1625-0018 Stat/Authority

USCODE-2014-title46-subtitleII-partG-chap113-sec11304.pdf

Official Logbook

1625-0018 Stat/Authority

OMB: 1625-0018

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§ 11302

TITLE 46—SHIPPING

lists the types of entries that must be made in the logbook.
AMENDMENTS
1996—Subsec. (a)(2). Pub. L. 104–324 inserted ‘‘as measured under section 14502 of this title, or an alternate
tonnage measured under section 14302 of this title as
prescribed by the Secretary under section 14104 of this
title’’ after ‘‘100 gross tons’’.
1984—Subsec. (a). Pub. L. 98–557 amended subsec. (a)
generally, which prior to amendment read as follows:
‘‘A vessel of the United States on a voyage between a
port in the United States and a port in a foreign country, and a vessel of the United States of at least 75
gross tons on a voyage between a port of the United
States on the Atlantic Ocean and a port of the United
States on the Pacific Ocean, shall have an official logbook.’’

§ 11302. Manner of making entries
Each entry made in the official logbook—
(1) shall be made as soon as possible after
the occurrence;
(2) if not made on the day of the occurrence,
shall be dated and state the date of the occurrence;
(3) if the entry is about an occurrence happening before the vessel’s arrival at the final
port of discharge, shall be made not later than
24 hours after the arrival;
(4) shall be signed by the master; and
(5) shall be signed by the chief mate or another seaman.
(Pub. L. 98–89, Aug. 26, 1983, 97 Stat. 581.)
HISTORICAL AND REVISION NOTES
Revised section
11302 ............................................

Source section (U.S. Code)
46:202

Section 11302 describes the manner in which entries
shall be made in the logbook, specifying when they
shall be made, who shall sign them, and requiring that
they shall be dated.

§ 11303. Penalties
(a) A master failing to maintain an official
logbook as required by this part is liable to the
United States Government for a civil penalty of
$200.
(b) A master failing to make an entry in the
vessel’s official logbook as required by this part
is liable to the Government for a civil penalty of
$200.
(c) A person is liable to the Government for a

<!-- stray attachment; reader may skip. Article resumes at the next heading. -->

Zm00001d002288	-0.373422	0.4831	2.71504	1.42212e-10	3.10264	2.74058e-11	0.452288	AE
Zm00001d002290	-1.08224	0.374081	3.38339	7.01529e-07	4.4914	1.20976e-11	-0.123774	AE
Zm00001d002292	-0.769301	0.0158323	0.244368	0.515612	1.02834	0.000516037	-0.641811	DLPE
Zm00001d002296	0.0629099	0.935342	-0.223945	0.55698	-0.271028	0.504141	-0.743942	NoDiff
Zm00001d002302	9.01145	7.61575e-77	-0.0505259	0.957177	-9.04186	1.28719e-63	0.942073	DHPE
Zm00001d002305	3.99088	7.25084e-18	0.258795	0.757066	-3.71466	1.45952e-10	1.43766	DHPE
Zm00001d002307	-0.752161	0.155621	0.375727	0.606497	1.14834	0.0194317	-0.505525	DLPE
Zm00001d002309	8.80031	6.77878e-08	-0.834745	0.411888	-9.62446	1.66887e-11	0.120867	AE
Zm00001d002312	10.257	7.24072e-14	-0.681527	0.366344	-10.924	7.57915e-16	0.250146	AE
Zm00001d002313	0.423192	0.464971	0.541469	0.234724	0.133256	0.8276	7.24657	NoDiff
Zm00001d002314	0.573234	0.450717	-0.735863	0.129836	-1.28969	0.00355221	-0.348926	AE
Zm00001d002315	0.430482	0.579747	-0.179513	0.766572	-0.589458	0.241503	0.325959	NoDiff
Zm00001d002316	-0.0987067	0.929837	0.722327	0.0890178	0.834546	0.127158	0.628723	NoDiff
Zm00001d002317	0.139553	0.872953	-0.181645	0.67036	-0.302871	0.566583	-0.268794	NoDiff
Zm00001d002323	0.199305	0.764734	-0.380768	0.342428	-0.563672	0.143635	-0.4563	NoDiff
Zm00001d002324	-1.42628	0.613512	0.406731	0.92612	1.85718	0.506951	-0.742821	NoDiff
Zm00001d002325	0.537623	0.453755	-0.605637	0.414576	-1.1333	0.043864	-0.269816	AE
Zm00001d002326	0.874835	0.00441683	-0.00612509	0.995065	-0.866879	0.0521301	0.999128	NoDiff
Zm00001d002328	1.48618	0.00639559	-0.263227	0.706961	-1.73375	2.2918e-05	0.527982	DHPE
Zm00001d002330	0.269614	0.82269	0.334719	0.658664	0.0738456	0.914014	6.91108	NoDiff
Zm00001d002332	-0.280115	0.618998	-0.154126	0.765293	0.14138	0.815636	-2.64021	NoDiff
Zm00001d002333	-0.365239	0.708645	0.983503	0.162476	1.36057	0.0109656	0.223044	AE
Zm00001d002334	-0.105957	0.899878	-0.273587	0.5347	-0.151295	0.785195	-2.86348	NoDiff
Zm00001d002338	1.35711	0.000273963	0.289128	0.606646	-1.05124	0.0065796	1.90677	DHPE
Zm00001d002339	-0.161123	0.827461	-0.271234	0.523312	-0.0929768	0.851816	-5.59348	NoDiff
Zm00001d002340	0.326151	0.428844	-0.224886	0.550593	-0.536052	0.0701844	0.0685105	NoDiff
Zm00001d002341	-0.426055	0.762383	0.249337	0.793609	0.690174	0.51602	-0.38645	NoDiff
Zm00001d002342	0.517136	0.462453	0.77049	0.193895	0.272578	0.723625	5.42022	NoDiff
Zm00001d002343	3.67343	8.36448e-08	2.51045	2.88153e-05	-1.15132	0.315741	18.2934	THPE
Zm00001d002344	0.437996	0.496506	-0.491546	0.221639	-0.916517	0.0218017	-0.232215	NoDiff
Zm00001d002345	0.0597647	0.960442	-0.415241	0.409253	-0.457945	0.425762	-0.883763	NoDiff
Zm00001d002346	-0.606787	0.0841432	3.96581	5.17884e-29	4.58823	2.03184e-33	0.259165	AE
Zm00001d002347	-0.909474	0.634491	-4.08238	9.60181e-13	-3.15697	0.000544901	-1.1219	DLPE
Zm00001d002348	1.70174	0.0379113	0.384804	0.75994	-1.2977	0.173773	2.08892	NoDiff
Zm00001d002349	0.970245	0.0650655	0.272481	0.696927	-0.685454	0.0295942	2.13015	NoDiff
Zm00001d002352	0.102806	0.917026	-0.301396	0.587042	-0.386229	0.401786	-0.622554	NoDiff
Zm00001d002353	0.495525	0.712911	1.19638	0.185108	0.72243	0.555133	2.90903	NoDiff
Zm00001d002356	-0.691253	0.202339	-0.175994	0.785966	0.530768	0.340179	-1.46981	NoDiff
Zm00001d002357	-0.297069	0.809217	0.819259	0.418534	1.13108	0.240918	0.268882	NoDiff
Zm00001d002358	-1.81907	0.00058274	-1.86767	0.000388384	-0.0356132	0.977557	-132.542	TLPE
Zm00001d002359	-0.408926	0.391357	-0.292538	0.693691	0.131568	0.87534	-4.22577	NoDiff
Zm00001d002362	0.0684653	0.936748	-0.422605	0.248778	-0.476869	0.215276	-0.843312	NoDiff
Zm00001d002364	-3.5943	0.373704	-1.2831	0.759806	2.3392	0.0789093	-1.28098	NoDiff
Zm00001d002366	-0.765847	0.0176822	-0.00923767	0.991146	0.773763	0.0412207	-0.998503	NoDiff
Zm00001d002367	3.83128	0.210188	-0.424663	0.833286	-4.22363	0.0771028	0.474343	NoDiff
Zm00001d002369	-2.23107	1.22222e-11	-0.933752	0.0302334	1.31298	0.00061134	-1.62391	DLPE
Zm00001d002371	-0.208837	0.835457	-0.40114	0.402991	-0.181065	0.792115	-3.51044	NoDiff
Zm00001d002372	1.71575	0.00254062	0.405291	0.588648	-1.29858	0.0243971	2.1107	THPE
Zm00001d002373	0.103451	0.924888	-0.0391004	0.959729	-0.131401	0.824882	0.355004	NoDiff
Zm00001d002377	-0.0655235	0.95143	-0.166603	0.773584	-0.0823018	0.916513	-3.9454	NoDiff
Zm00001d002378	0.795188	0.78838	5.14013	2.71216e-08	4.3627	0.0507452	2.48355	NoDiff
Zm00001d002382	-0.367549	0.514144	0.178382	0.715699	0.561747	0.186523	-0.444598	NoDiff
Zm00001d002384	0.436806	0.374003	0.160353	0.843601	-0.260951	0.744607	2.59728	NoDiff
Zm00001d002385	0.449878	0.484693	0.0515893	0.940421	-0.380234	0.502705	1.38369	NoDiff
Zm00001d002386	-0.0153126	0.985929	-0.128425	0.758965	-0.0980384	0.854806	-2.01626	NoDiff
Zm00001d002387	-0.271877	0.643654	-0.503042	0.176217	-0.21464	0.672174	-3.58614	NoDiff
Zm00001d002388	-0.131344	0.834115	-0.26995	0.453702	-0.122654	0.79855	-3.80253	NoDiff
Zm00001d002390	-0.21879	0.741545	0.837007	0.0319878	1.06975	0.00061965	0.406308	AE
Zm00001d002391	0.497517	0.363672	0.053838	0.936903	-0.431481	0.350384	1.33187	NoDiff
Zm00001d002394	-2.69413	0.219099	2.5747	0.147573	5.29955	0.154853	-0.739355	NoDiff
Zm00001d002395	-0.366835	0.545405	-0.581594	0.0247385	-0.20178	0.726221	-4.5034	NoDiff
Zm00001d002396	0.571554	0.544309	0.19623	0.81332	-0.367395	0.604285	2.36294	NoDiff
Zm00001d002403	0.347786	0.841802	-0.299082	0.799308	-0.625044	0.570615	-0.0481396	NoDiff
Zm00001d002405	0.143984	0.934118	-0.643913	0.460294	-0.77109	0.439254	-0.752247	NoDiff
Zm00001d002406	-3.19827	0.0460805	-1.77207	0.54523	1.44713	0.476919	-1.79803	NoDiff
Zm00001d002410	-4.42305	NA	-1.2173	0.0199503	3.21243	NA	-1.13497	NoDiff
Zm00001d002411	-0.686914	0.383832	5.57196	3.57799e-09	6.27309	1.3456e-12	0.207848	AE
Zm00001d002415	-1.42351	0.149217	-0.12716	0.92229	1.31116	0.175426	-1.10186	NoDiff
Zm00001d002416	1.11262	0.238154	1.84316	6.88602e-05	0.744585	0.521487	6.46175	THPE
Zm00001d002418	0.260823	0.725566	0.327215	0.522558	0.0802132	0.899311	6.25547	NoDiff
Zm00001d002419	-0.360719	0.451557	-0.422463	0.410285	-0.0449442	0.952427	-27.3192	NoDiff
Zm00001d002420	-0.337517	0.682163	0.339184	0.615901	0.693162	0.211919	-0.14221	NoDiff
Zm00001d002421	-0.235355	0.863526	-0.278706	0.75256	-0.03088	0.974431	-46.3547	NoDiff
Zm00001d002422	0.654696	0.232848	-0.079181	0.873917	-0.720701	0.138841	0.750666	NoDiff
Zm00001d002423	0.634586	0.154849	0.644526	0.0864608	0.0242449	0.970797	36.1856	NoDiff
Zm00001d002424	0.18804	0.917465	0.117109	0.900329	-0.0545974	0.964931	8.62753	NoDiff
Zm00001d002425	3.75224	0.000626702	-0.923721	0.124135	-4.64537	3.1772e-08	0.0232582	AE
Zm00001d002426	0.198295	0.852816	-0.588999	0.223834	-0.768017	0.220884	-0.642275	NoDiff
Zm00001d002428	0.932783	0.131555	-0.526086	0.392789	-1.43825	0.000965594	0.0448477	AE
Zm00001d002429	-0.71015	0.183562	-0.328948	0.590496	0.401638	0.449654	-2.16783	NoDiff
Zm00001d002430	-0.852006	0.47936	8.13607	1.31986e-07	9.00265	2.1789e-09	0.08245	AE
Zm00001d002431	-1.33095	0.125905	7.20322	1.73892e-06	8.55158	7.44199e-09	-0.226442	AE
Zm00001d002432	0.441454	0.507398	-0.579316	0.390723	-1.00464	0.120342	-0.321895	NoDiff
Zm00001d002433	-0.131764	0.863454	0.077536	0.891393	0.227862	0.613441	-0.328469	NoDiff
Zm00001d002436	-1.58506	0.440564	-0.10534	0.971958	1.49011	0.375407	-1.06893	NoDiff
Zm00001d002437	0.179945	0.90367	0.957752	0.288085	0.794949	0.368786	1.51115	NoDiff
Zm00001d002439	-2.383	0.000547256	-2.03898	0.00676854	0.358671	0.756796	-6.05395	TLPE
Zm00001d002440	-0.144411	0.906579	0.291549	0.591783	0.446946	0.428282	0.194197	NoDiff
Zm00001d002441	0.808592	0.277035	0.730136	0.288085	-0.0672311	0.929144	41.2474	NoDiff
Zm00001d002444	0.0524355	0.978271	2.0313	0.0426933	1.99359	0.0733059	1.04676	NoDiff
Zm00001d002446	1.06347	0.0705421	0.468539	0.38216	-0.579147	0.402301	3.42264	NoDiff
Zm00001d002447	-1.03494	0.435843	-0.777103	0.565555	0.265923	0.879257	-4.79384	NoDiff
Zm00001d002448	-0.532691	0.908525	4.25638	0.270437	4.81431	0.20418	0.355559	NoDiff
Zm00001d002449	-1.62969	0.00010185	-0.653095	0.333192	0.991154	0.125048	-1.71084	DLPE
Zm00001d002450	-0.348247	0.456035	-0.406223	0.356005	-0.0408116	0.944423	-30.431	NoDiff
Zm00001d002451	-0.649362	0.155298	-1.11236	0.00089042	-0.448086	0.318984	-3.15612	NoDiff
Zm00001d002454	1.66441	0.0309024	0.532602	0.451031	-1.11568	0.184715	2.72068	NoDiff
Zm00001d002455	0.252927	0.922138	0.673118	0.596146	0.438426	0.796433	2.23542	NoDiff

civil penalty of $150 when the person makes, procures to be made, or assists in making, an entry
in the vessel’s official logbook—
(1) later than 24 hours after the vessel’s arrival at the final port of discharge; and
(2) that is about an occurrence that happened before that arrival.
(Pub. L. 98–89, Aug. 26, 1983, 97 Stat. 582.)
HISTORICAL AND REVISION NOTES
Revised section
11303 ............................................

Source section (U.S. Code)
46:203

Section 11303 provides a penalty for violation of the
provisions about logbooks in this part.

Page 172

§ 11304. Additional logbook and entry requirements
(a) A vessel of the United States that is subject to inspection under section 3301 of this title,
except a vessel on a voyage from a port in the
United States to a port in Canada, shall have an
official logbook, which shall be kept available
for review by the Secretary on request.
(b) The log book required by subsection (a)
shall include the following entries:
(1) The time when each seaman and each officer assumed or relieved the watch.
(2) The number of hours in service to the
vessels of each seaman and each officer.
(3) An account of each accident, illness, and
injury that occurs during each watch.
(Added Pub. L. 111–281, title VI, § 607(a), Oct. 15,
2010, 124 Stat. 2967.)
CHAPTER 115—OFFENSES AND PENALTIES
Sec.

11501.
11502.
11503.
11504.
11505.
11506.
11507.

Penalties for specified offenses.
Entry of offenses in logbook.
Duties of consular officers related to insubordination.
Enforcement of forfeitures.
Disposal of forfeitures.
Carrying sheath knives.
Surrender of offending officers.

§ 11501. Penalties for specified offenses
When a seaman lawfully engaged commits any
of the following offenses, the seaman shall be
punished as specified:
(1) For desertion, the seaman forfeits any
part of the money or property the seaman
leaves on board and any part of earned wages.
(2) For neglecting or refusing without reasonable cause to join the seaman’s vessel or to
proceed to sea in the vessel, for absence without leave within 24 hours of the vessel’s sailing
from a port (at the beginning or during the
voyage), or for absence without leave from duties and without sufficient reason, the seaman
forfeits from the seaman’s wages not more
than 2 days’ pay or a sufficient amount to defray expenses incurred in hiring a substitute.
(3) For quitting the vessel without leave
after the vessel’s arrival at the port of delivery and before the vessel is placed in security,
the seaman forfeits from the seaman’s wages
not more than one month’s pay.
(4) For willful disobedience to a lawful command at sea, the seaman, at the discretion of
the master, may be confined until the disobedience ends, and on arrival in port forfeits
from the seaman’s wages not more than 4
days’ pay or, at the discretion of the court,
may be imprisoned for not more than one
month.
(5) For continued willful disobedience to
lawful command or continued willful neglect
of duty at sea, the seaman, at the discretion of
the master, may be confined, on water and
1,000 calories, with full rations every 5th day,
until the disobedience ends, and on arrival in
port forfeits, for each 24 hours’ continuance of
the disobedience or neglect, not more than 12
days’ pay or, at the discretion of the court,
may be imprisoned for not more than 3
months.


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